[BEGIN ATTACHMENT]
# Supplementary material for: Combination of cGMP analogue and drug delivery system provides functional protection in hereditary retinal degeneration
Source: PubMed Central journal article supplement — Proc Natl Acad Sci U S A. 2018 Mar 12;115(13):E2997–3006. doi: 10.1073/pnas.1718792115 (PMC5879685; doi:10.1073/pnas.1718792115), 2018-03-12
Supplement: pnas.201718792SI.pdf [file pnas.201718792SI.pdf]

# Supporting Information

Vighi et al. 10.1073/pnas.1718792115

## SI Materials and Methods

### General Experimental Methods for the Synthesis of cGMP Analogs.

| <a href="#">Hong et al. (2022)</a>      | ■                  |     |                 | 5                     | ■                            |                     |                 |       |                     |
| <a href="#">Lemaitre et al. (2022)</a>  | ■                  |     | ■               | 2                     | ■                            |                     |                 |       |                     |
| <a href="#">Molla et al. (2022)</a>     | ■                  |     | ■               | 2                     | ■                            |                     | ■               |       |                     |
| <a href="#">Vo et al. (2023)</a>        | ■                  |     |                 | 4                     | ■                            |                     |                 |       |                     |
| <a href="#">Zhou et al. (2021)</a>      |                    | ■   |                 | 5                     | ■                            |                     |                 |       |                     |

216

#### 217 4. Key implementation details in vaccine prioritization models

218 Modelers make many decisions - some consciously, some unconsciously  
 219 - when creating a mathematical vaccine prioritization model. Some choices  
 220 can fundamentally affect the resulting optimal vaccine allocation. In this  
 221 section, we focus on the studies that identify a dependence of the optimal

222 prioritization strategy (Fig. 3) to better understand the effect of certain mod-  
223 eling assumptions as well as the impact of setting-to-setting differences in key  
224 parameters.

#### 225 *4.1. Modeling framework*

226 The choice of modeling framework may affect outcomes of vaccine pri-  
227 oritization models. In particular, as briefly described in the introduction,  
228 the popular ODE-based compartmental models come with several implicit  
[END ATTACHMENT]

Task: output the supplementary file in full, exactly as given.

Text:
# Supplementary material for: Combination of cGMP analogue and drug delivery system provides functional protection in hereditary retinal degeneration
Source: PubMed Central journal article supplement — Proc Natl Acad Sci U S A. 2018 Mar 12;115(13):E2997–3006. doi: 10.1073/pnas.1718792115 (PMC5879685; doi:10.1073/pnas.1718792115), 2018-03-12
Supplement: pnas.201718792SI.pdf [file pnas.201718792SI.pdf]

# Supporting Information

Vighi et al. 10.1073/pnas.1718792115

## SI Materials and Methods

### General Experimental Methods for the Synthesis of cGMP Analogs.

| <a href="#">Hong et al. (2022)</a>      | ■                  |     |                 | 5                     | ■                            |                     |                 |       |                     |
| <a href="#">Lemaitre et al. (2022)</a>  | ■                  |     | ■               | 2                     | ■                            |                     |                 |       |                     |
| <a href="#">Molla et al. (2022)</a>     | ■                  |     | ■               | 2                     | ■                            |                     | ■               |       |                     |
| <a href="#">Vo et al. (2023)</a>        | ■                  |     |                 | 4                     | ■                            |                     |                 |       |                     |
| <a href="#">Zhou et al. (2021)</a>      |                    | ■   |                 | 5                     | ■                            |                     |                 |       |                     |

216

#### 217 4. Key implementation details in vaccine prioritization models

218 Modelers make many decisions - some consciously, some unconsciously  
 219 - when creating a mathematical vaccine prioritization model. Some choices  
 220 can fundamentally affect the resulting optimal vaccine allocation. In this  
 221 section, we focus on the studies that identify a dependence of the optimal

222 prioritization strategy (Fig. 3) to better understand the effect of certain mod-  
223 eling assumptions as well as the impact of setting-to-setting differences in key  
224 parameters.

#### 225 *4.1. Modeling framework*

226 The choice of modeling framework may affect outcomes of vaccine pri-  
227 oritization models. In particular, as briefly described in the introduction,  
228 the popular ODE-based compartmental models come with several implicit  